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The Hands of Shang-Chi, Master of Kung Fu #19

This is a series I missed when it was first published. Having almost entirely given up on new comics, I’m finding there are plenty of gems from yesteryear that I didn’t have the allowance for or that simply didn’t make it to the shelves of the Groveport Pharmacy. Cruising the “bronze age comics” category on eBay, I expect it will be many years before I run out of books to discover for the first time. In the case of Master of Kung Fu, this was a book which was over my head when I first encountered it, being one of a number of non-superhero books with an adult slant which Marvel was launching during their “Phase 2” period in order to expand their readership (the version I briefly saw was the Moench/Zeck model). I’ve recently discovered this little gem thanks to the guest appearance of another old favorite, Man-Thing, in this issue which is Shang-Chi’s fifth appearance in a comic book.

How can issue 19 of the series be the fifth appearance of the title character, you ask? The series was originally called Special Marvel Edition, and featured (if I am not misinformed) old superhero reprint material until Master of Kung Fu debuted in issue 15; the character was a hit, and the title became The Hands of Shang-Chi, Master of Kung Fu with issue number 17. Imagine that! No passing up a high-numbered issue because you didn’t “get in on the ground floor”; the biggest draw to an issue on the stands was the cover and the promise of story within! If you did get an issue #1, the story was still likely continued from the anthology title the character had previously appeared in (Iron Man, Sub-Mariner, Werewolf By Night, to name a few). The numbers were totally irrelevant except for organizing a stack of your favorite books. Must have been nice. My 11th issue of the Dave Gibbons Doctor Who reprint series became “Series 2, #1”, Dark Horse’s Conan series has inexplicably reverted to a first issue even though it originally promised a continuous narrative of the character’s life, Captain America has seen at least four 1st issues in the last decade… but good luck finding (silver age) Captain America #’s 1-99, Hulk 7-100, Thor 1-82… or Master of Kung Fu 1-14. The necessity of a completist mentality didn’t come into play at all, not fostered by the demands of the audience or the marketing strategy of the publishers. How strange. How, dare I say, accessible.

Back to MOKF: Allegedly Marvel had gained the rights to Fu Manchu and related characters at the same time as securing rights for a comic series based on David Carradine’s Kung Fu TV show. Someone had the notion to meld the two concepts together, giving us Shang-Chi, who discovers one day that the father he revered is actually the greatest force for evil on Earth, so he splits from the family temple to walk the Earth helping people– like Julius from Pulp Fiction– and battling against his father’s plots. This issue opens with a couple of Fu Manchu’s assassins chasing Shang Chi into the Florida everglades, where waits a shambling, barely sentient pile of mud and moss not quite known for his kung fu skills. Our hero is already tripping before he even sees Man-Thing, thanks to an assassin’s poison his body is fighting, so the encounter goes about as badly a conceivably possible.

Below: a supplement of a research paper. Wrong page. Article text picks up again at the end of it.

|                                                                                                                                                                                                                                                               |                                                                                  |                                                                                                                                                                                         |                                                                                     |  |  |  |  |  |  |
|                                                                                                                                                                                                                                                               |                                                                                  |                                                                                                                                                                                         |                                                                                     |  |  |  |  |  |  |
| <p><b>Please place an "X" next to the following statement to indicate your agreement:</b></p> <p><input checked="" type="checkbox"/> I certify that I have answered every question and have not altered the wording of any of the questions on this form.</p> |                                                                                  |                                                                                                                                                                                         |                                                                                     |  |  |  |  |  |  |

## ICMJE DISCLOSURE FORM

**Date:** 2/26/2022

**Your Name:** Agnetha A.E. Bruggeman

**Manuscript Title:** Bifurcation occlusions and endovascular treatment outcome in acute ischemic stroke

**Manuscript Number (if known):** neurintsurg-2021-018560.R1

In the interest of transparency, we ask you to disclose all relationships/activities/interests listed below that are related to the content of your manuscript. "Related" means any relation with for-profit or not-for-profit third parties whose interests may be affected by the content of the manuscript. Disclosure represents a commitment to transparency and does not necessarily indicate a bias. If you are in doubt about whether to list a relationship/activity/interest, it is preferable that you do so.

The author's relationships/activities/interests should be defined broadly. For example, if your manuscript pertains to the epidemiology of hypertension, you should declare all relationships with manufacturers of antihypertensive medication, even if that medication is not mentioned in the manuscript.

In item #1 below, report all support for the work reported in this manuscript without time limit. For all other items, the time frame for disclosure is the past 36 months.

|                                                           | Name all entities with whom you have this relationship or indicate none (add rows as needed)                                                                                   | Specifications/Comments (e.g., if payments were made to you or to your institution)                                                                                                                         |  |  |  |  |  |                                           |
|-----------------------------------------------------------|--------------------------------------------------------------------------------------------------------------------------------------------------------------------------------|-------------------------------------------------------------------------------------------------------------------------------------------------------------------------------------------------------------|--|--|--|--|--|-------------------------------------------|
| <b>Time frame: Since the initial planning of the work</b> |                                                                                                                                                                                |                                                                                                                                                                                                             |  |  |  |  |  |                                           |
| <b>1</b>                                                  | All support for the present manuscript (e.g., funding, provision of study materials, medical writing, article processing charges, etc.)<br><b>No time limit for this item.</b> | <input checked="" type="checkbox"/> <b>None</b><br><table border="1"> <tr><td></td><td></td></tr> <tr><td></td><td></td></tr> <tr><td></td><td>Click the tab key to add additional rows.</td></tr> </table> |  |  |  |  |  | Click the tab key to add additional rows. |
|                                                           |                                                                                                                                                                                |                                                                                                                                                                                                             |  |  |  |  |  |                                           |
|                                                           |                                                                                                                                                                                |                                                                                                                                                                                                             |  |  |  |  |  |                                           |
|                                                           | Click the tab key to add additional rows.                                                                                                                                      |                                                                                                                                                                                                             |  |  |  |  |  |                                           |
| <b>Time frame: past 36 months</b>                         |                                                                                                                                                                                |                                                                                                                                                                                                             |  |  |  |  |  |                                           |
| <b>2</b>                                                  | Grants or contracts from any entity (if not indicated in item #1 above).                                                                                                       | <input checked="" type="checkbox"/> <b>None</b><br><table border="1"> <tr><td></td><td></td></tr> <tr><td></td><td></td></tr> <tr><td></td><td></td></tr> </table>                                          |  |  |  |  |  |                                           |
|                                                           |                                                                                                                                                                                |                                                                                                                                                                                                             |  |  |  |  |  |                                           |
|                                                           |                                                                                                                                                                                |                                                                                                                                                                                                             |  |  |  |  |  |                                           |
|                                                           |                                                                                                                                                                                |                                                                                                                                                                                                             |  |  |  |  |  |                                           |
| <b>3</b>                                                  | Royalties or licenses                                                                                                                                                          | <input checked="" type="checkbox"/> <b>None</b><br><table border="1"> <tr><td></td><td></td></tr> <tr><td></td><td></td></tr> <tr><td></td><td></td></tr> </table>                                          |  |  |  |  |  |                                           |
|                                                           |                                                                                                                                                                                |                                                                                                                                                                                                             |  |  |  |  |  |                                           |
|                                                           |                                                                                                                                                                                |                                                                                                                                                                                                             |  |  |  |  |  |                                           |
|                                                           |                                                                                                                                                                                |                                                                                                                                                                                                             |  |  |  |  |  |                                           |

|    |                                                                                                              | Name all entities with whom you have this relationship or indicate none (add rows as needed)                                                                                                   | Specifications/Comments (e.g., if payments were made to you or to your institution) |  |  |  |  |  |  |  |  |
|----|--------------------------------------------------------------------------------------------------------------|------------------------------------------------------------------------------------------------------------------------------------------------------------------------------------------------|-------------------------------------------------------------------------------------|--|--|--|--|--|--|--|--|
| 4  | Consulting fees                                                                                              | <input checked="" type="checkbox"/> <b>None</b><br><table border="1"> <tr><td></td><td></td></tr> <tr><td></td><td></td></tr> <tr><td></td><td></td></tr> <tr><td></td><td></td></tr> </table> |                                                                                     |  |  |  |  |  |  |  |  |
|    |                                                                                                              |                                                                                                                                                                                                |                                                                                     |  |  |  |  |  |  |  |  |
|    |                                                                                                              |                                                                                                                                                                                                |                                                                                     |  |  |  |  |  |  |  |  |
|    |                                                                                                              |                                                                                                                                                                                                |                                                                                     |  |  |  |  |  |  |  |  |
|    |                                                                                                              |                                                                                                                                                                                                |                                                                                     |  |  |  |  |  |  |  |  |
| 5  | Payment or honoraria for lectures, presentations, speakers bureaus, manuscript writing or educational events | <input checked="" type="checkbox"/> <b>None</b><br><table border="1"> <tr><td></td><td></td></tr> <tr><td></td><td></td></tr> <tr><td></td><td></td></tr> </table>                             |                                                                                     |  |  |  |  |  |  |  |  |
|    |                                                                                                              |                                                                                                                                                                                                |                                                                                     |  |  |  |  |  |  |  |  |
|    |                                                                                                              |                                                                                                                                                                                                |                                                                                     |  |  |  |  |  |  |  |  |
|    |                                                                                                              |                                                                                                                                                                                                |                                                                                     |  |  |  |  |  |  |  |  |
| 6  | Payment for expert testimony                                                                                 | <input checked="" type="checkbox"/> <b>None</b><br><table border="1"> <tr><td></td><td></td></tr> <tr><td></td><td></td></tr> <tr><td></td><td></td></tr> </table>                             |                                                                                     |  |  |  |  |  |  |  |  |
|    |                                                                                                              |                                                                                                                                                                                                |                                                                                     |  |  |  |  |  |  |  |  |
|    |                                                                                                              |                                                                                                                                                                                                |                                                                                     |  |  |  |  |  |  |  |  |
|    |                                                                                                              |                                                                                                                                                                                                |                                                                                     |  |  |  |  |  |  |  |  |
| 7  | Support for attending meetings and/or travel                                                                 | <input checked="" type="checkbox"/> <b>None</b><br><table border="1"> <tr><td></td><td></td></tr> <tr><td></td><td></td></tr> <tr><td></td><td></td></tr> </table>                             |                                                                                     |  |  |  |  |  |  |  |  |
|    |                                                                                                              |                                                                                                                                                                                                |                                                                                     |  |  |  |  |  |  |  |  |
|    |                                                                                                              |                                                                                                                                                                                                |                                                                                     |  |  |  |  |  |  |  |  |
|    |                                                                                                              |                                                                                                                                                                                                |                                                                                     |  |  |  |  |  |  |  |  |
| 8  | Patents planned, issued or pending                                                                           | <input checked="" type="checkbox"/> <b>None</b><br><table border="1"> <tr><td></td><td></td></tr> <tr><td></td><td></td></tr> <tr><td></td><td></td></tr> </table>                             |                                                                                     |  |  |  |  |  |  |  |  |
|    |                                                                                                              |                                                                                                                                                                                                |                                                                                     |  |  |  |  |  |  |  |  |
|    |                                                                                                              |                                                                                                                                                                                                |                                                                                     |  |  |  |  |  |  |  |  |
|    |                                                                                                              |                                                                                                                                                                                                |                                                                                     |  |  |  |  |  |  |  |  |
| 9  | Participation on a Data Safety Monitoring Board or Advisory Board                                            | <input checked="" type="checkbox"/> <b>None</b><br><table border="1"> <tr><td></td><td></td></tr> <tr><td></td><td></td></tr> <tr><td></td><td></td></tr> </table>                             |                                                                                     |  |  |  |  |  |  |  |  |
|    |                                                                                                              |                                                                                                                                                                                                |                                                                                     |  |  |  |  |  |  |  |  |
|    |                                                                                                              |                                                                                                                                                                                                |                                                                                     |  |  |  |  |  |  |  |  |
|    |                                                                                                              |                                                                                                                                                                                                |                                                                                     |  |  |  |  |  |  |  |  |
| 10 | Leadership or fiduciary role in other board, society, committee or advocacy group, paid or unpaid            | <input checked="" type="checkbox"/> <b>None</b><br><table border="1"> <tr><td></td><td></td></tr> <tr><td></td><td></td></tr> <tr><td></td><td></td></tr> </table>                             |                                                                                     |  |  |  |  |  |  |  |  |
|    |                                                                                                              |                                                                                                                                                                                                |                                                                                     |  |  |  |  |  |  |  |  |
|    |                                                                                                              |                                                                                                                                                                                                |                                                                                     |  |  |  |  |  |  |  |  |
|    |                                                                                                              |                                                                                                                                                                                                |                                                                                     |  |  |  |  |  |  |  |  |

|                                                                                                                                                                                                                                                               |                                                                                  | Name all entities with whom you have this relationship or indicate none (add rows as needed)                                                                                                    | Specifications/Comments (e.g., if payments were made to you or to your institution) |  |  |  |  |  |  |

Luckily, there happens to be a fellow Asian philosopher traveling through the swamp– one who bears a striking resemblance to David Carradine. This stranger rescues Shang-Chi and even makes sure the Man-Thing is uninjured, before binding our protagonist’s wounds and helping him sort through the conflicting emotions he is dealing with since his peaceful philosophy has been thrown into doubt by the conflict with his father. We even get a TV show-style flashback to young Shang-Chi’s youth in the monastery, wherein we learn that artist Paul Gulacy might have encountered Steranko at some point early in his career.

(Gulacy is inked by Al Milgrom here; I was surprised to see both of these gentlemen’s careers stretch back to 1974.)
The assassins catch up to the pair, but Shang-Chi has not only rested, but also become more philosophically strengthened, which of course provides the edge here. Worse for the villains, the David Carradine look-alike points out that the bravado they display is founded in fear– always a bad thing when the Man-Thing is lurking nearby. Martial arts once again prove useless against a walking compost heap, and we’re treated to a double page spread of burning bodies (I’d better not have to explain that).

Steve Englehart wrote this, as well as just about everything else for Marvel in the 70’s, reinforcing my belief that the guy could spin gold from straw until he went horribly astray a decade later (but for Dara’s sake, we won’t go into that…). He and Shang-Chi leave us with some final philosophizing regarding the use of violence for us to chew on after we have put the book down.
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